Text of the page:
On October 5th and 6th GJPD Commander Greg Assenmacher had the privilege to be a guardian for two Grand Valley World War II veterans as they traveled on the latest Honor Flight. Commander Assenmacher was gracious enough to share a few of the many memories this trip created for him and the 106 veterans.
As I awoke this morning, Tuesday October 12th, I couldn’t help but reflect on my experience last Tuesday (Oct 5th) as be part of the Western Slope Honor Flight. The mission of this group is transport our country’s World War II veterans to Washington D.C. to visit memorials dedicated to their honor, their service and their sacrifice. As a nation our debt to these heroic men and valiant women may never be repaid, however I saw an expression of gratitude to these heroes throughout our trip, and came away with many more stories than I have room to share with you here.
On the evening of October 5th a Brigadier General assigned to the Pentagon came out to speak with the vets at dinner. Although I am sure his career keeps his schedule full, he took the time to be with the Honor Flight veterans to share a few personal stories of his childhood life growing up in Salida, Colorado and how he was inspired by their generation and later felt a sense of pride to serve our country as well. For him, it was an honor and to come out to see these men and woman and to pay tribute and salute them for fighting and winning the most devastating war in American’s history.
At each Memorial (WW-II, Korean, Vietnam) visited the following day by these veterans I witnessed the American people who were there as tourists, including girl scouts, high school field trips, and citizens pay tribute to these vets by thanking them, hugging them or giving them personal hand made cards expressing their thanks and appreciation. These simple ways of saying thanks for their service had such an impact on me that I cannot even imagine the full impact their small tributes made on the veterans.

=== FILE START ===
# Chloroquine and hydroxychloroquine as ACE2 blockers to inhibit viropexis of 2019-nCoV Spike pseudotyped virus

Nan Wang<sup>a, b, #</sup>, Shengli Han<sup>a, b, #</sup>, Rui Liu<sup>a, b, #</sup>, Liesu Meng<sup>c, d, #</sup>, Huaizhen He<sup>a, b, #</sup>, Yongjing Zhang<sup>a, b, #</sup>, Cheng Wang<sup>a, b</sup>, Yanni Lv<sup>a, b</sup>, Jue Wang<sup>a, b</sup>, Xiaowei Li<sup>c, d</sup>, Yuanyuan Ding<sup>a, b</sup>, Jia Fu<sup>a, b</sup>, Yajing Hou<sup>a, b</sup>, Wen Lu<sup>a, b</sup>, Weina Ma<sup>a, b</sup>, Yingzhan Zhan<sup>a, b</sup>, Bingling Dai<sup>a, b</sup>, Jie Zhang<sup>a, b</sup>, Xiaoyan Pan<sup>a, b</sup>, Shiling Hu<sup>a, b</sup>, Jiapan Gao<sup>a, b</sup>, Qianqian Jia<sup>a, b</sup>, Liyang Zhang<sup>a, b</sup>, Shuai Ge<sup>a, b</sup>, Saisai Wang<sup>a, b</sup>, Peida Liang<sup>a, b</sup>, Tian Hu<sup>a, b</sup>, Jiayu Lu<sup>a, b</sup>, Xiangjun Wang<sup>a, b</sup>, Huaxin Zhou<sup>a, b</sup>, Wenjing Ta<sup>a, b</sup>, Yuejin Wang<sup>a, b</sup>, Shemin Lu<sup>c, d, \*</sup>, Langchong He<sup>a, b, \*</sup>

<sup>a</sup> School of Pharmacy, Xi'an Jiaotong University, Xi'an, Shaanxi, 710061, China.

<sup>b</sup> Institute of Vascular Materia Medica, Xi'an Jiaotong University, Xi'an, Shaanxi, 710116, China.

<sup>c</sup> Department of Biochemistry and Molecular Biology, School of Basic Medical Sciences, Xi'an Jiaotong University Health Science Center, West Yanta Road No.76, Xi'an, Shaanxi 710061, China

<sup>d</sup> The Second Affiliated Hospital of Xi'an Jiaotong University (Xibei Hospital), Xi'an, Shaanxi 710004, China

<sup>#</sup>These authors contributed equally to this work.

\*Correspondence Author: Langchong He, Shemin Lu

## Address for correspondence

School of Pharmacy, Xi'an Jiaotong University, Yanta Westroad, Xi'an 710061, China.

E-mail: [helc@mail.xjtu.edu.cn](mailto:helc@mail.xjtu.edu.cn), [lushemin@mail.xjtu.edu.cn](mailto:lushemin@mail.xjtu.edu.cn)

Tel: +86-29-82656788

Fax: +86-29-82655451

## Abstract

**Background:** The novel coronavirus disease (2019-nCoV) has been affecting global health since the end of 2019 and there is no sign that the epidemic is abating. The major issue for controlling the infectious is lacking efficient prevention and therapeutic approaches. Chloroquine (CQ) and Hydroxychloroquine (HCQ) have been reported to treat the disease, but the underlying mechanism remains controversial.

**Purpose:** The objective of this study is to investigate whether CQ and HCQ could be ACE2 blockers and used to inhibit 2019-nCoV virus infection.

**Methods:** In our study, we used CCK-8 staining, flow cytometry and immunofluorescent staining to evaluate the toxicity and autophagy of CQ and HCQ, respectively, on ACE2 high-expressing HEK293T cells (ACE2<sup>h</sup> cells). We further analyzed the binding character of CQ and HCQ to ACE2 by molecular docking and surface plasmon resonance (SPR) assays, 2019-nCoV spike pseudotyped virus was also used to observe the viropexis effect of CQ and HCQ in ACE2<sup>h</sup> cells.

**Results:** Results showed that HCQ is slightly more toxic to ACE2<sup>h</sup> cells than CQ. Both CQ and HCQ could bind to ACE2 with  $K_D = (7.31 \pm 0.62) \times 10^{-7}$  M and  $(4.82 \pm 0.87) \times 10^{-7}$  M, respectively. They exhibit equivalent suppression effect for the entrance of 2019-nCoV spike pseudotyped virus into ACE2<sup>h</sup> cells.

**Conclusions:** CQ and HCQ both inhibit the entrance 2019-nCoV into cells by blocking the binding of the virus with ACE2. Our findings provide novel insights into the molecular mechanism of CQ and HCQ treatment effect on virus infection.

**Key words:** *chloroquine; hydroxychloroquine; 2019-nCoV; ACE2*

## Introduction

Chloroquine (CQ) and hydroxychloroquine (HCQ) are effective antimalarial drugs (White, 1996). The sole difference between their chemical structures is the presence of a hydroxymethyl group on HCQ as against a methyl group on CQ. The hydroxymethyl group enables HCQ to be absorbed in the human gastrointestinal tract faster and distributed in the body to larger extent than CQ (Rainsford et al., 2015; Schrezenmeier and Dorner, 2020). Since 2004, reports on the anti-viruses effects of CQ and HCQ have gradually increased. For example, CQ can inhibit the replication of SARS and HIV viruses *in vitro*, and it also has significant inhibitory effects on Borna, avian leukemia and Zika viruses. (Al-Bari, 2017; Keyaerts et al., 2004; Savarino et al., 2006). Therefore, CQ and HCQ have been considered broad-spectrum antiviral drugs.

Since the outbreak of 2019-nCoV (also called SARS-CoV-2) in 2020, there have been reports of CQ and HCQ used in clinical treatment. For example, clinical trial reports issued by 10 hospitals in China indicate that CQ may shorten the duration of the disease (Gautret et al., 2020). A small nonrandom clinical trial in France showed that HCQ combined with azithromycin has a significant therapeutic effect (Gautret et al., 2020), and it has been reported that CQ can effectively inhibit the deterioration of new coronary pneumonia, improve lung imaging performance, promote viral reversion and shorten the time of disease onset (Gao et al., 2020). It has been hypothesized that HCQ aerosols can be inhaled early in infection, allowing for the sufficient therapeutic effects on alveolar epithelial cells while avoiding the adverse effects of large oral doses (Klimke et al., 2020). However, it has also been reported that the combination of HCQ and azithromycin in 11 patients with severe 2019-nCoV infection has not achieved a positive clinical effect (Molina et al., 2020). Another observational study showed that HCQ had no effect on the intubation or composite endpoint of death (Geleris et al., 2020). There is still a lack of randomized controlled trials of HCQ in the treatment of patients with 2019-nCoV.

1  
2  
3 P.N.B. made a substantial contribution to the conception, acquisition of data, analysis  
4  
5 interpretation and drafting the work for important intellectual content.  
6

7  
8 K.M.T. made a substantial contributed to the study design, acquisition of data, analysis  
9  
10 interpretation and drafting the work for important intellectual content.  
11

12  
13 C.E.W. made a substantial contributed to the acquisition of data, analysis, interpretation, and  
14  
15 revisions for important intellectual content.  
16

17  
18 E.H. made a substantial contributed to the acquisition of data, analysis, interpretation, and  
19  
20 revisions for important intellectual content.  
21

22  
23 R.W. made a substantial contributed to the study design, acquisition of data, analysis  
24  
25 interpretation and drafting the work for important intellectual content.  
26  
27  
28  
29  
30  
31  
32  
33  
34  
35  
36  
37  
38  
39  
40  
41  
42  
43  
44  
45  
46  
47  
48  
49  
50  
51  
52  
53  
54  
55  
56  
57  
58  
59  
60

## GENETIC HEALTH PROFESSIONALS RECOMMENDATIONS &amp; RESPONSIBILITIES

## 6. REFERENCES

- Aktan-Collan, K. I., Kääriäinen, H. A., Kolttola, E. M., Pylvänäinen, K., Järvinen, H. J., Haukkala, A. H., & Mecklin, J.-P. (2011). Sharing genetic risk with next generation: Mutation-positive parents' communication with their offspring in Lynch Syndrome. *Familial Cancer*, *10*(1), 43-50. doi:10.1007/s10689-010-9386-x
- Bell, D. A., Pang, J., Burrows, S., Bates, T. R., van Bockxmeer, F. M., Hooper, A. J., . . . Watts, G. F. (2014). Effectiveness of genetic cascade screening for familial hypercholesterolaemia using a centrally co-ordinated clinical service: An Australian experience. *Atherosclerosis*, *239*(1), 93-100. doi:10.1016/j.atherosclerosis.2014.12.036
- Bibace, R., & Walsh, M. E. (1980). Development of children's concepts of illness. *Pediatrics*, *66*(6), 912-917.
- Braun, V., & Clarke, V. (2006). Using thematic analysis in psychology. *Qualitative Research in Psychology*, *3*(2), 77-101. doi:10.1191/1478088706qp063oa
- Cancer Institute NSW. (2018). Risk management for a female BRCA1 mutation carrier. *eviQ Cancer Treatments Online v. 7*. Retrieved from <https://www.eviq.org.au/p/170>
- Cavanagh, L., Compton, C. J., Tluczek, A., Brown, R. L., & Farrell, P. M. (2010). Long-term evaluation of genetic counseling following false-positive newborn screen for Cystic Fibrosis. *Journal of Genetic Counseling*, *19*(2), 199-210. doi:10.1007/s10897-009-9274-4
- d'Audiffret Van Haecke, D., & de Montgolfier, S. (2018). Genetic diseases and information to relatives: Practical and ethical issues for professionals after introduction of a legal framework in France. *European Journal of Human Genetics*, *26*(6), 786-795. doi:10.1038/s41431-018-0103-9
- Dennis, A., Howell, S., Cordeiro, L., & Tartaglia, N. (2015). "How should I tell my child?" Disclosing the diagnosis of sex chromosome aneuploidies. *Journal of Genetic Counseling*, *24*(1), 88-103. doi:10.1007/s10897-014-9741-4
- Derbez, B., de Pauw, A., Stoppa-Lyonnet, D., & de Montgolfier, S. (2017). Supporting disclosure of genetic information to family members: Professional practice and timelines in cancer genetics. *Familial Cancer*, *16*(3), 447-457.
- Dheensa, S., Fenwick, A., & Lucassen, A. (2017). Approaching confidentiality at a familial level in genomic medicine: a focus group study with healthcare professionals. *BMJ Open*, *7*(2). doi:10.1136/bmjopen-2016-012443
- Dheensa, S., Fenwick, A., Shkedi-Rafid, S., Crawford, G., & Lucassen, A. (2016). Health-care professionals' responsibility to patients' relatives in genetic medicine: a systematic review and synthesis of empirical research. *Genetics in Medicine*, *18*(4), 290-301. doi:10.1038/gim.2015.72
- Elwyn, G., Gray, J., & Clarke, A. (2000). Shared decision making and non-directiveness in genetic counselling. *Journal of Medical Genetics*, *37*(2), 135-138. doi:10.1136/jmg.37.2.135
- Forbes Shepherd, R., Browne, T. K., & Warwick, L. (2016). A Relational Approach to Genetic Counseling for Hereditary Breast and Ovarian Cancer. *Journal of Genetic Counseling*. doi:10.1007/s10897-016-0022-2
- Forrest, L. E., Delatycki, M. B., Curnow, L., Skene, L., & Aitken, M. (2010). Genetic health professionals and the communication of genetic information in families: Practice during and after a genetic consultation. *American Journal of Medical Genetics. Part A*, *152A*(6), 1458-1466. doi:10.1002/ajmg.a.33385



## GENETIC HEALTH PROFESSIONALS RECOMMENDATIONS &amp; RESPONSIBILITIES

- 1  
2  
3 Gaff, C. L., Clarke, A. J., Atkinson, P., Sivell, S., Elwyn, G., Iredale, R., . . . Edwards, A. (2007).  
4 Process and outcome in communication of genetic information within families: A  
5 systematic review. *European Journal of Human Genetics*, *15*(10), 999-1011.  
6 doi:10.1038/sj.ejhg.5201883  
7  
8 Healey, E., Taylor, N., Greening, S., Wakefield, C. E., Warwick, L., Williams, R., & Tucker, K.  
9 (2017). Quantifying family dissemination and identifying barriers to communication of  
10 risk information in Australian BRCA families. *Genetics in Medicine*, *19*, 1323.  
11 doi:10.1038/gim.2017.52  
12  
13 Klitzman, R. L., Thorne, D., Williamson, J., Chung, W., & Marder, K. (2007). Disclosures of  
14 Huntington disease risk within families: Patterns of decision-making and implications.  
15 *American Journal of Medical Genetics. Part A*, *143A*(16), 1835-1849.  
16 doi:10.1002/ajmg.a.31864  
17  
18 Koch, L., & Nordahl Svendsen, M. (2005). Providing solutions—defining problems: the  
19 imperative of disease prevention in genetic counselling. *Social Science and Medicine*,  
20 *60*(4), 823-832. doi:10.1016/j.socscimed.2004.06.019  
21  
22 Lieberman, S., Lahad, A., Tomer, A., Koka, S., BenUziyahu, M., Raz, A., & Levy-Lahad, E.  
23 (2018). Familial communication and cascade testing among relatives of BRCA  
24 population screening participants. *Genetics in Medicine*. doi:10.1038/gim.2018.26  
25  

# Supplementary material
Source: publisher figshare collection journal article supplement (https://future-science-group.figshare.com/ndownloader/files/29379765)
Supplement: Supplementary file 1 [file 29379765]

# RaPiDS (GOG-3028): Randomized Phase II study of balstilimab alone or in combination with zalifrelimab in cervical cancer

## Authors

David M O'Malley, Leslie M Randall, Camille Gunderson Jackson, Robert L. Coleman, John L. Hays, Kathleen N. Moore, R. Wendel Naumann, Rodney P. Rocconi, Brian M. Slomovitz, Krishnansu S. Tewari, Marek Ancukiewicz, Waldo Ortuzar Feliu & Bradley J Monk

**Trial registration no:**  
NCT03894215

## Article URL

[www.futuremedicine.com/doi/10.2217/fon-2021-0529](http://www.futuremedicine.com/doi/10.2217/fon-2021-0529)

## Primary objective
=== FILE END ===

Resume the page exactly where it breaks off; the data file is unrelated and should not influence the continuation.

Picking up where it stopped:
During our return flight back to Grand Junction the Veterans had a “Mail Call”, just like their military days, in which they received packets of letters from students, City & County officials and family members recognizing them for their service and how they inspired future generation to come. Upon our landing these Vets were greeted by more than 100 police and fire officers and another 400 plus community members who came out to honor them in a special ceremony in the terminal at the airport. While the marble structures, statues and stars of the D.C. memorials were impressive, the heart warming welcome back to Grand Junction is a memory that these men and woman will never forget. So, as a guardian on this flight and seeing first hand the tribute paid to these men and woman, I’m proud to be part of such an event and a member of a community who made this two day trip (35 hours) so special to “The Greatest Generation” of Americans who emerged from the depression and triumphed in a war allowing us the freedom and individual rights we enjoy today.